More than 20 years after the creation of the Object Constraint Language (OCL), the number of tools supporting is still rather small. Of course, most UML tools let you annotate the models with comments where you could write plain textual OCL expressions. But most times, the tool doesn’t really understand that text, you could write anything there, for instance, a wrong OCL constraint. To qualify as an OCL tool, we require that the tool is, at the very least, able to parse the OCL expression. Bonus point if it lets you execute & evaluate it over a sample set of objects.
First generation of OCL tools
In the 2008 edition of the OCL workshop, we organized a tool showcase where a number of (prototype) OCL tools were presented. For a more deep survey of OCL tools (really old, as such, not useful for the list of tools per se but I still think it’s an interesting read to learn more about what I think OCL tools should provide) you can check: Jordi Cabot, Ernest Teniente: Constraint Support in MDA Tools: A Survey. ECMDA-FA 2006: 256-267 ( free pdf). In this blog, we have also presented Oclarity, a productive authoring environment for the writing of OCL expressions, and iOCL an interactive OCL environment. Both are currently discontinued. In fact, many of these older tools have disappeared and the issue is that we do not have many more recent tools to replace them. From a more code-generation perspective, we also had couple of tools specialized in OCL to SQL generation.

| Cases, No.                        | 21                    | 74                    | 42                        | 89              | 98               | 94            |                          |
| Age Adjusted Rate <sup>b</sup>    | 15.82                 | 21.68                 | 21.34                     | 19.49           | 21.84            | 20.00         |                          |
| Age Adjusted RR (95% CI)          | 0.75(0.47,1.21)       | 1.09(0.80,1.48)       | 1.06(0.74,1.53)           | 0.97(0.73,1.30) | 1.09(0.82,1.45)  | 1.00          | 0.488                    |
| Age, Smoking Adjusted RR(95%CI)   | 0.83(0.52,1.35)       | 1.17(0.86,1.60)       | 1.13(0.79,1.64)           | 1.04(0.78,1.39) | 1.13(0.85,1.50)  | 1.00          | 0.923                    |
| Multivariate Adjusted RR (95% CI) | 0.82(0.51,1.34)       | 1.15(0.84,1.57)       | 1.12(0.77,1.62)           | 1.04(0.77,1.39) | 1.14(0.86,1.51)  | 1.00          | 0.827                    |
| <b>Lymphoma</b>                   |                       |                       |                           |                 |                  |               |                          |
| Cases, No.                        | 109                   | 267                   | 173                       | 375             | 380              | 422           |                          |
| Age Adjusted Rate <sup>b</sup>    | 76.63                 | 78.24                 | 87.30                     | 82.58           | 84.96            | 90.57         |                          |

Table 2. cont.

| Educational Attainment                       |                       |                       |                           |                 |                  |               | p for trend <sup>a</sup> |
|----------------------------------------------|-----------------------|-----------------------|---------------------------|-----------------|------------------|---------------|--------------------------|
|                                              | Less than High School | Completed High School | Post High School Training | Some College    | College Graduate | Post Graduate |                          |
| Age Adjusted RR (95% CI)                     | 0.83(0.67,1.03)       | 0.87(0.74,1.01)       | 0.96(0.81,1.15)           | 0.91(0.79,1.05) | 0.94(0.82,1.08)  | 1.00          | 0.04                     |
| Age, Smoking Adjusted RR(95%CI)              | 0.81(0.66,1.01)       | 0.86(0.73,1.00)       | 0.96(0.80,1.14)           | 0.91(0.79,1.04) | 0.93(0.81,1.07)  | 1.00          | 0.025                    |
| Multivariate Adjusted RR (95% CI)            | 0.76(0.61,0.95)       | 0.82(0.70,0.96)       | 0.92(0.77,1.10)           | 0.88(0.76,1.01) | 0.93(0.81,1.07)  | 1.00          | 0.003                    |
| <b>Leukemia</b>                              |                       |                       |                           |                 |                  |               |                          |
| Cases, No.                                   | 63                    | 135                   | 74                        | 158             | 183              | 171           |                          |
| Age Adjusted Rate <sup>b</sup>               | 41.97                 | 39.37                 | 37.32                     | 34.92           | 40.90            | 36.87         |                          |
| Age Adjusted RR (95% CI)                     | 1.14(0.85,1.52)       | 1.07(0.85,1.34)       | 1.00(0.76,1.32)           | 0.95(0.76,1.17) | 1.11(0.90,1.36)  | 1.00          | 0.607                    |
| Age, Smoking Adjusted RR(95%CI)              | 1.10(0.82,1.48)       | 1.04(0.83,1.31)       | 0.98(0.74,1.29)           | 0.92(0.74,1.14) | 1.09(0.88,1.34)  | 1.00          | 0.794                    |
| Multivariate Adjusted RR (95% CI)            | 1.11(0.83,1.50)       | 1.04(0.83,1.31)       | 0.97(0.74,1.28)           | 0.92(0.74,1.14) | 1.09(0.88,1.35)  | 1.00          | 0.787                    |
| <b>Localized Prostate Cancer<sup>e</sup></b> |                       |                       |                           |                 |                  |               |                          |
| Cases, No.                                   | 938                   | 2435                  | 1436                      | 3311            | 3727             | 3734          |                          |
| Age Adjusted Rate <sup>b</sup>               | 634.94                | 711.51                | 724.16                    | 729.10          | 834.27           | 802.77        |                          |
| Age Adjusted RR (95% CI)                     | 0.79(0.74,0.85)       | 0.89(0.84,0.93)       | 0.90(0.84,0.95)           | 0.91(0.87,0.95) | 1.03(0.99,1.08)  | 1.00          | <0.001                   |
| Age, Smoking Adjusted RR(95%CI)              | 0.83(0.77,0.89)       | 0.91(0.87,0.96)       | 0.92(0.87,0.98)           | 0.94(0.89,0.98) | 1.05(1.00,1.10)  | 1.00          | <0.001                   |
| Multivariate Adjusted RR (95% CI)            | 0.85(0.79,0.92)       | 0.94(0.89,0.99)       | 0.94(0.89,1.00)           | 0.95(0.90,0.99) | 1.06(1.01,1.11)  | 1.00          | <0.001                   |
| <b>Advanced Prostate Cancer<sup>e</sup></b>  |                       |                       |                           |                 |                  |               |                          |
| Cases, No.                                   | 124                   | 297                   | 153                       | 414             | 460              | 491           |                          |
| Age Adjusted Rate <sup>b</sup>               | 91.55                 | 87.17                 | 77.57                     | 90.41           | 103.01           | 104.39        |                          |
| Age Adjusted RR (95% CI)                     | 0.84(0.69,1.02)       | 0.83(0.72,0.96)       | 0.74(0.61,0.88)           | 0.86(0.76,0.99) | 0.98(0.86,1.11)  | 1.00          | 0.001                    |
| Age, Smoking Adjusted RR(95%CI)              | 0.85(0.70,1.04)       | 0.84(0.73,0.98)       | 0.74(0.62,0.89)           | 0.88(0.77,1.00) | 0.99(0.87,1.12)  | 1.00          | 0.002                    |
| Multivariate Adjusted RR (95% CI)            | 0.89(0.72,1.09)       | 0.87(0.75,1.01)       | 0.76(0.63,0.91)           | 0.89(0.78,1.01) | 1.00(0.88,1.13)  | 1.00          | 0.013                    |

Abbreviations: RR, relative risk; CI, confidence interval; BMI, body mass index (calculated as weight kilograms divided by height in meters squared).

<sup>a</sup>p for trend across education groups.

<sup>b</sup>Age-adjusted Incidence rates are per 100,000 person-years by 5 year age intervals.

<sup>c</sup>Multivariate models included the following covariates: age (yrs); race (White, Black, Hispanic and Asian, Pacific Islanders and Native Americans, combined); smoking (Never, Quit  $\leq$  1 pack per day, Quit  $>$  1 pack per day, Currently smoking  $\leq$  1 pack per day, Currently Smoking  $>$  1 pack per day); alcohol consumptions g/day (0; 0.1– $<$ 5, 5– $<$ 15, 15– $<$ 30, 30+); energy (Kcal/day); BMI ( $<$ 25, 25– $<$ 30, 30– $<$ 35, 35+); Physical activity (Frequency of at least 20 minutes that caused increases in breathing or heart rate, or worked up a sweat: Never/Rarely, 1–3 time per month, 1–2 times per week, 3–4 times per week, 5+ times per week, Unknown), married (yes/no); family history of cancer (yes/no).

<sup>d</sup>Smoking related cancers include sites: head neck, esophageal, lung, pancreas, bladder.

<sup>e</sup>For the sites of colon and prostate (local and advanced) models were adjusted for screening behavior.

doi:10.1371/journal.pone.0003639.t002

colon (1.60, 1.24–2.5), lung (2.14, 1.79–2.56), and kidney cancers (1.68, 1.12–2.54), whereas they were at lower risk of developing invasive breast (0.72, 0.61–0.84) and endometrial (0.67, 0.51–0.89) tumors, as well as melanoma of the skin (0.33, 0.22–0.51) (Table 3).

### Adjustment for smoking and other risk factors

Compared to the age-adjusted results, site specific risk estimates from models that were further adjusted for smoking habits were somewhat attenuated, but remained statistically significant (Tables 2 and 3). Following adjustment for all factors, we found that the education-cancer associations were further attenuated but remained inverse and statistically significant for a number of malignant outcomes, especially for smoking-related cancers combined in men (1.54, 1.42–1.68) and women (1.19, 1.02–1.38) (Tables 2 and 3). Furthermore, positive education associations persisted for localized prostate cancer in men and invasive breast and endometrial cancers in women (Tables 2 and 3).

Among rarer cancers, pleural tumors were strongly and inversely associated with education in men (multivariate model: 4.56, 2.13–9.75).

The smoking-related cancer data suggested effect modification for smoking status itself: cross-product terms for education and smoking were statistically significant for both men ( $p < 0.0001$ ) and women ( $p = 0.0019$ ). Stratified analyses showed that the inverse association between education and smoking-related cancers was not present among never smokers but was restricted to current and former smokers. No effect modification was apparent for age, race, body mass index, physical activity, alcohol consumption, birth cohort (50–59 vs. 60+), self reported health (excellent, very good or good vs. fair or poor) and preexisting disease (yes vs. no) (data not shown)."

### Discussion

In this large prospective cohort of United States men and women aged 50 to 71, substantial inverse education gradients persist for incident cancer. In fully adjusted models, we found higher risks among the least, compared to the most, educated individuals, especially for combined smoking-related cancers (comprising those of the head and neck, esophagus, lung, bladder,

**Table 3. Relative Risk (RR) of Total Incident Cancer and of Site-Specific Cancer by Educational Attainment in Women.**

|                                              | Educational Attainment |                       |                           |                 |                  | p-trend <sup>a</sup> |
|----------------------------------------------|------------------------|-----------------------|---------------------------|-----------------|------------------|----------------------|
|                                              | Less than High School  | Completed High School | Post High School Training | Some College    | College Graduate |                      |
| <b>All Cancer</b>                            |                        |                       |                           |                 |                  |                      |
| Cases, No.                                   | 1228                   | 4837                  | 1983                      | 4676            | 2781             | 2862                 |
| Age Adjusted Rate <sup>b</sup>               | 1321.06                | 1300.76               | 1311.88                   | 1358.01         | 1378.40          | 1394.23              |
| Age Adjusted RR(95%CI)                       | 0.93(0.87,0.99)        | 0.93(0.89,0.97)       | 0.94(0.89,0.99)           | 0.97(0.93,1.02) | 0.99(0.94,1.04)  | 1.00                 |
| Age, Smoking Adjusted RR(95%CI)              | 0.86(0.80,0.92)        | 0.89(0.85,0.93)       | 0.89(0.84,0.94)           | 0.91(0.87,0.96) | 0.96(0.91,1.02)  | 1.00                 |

Best free OCL tools
The two best free OCL options nowadays are clearly the OCL Eclipse plug-in (OCLInEcore) and the USE tool.
Eclipse OCL is ideal to integrate OCL support in your model-driven tool chain. As part of the Eclipse Modeling technologies, it’s easy to combine with other tools for model transformation, code-generation,… and enrich them with OCL processing capabilities.
USE is better if your goal “play” with OCL, exploring the result of OCL expressions in sample object diagrams. For instance, to see if your OCL constraints are consistent (see also our USE extension to help you to debug inconsistent constraints) and, if so, if they properly encode the business rules of the domain as maybe they are too restrictive or, the other way round, they are too permissive and need to be strengthened. Moreover, USE comes with a language (ASSL) to automatically create model instances that you could use for validation purposes in different scenarios.
OCL support in commercial UML tools
On the commercial side, MagicDraw also understands OCL and allows you to write (only boolean) OCL queries to test them.
Enterprise architect is also able to check the proper syntax of OCL expressions added to UML models.
Experimental OCL tools
There are also a few tools more specialized to support OCL for specific tasks or specific tech stacks.
OCL embedded in other model-driven tools
Despite the lack of support for “end-user” facing tools, OCL is recognized as a useful model query and manipulation language and as such it’s often used in model transformation and code-generation tools, such as ATL or Acceleo to create new modeling artefacts that will then be used as part of more complex MDE pipeliines.
This is good news for OCL but still doesn’t fix the problem of not offering an easy option for designers that just want to add some OCL invariants or pre/postconditions to their UML class diagrams in order to have more precise models.
Btw, while looking for an OCL tool, you may want to improve your Object Constraint Language knowledge by checking out our OCL tutorial. And when more vendors decide to join this club, we even have already thought on a benchmark for evaluating OCL tools.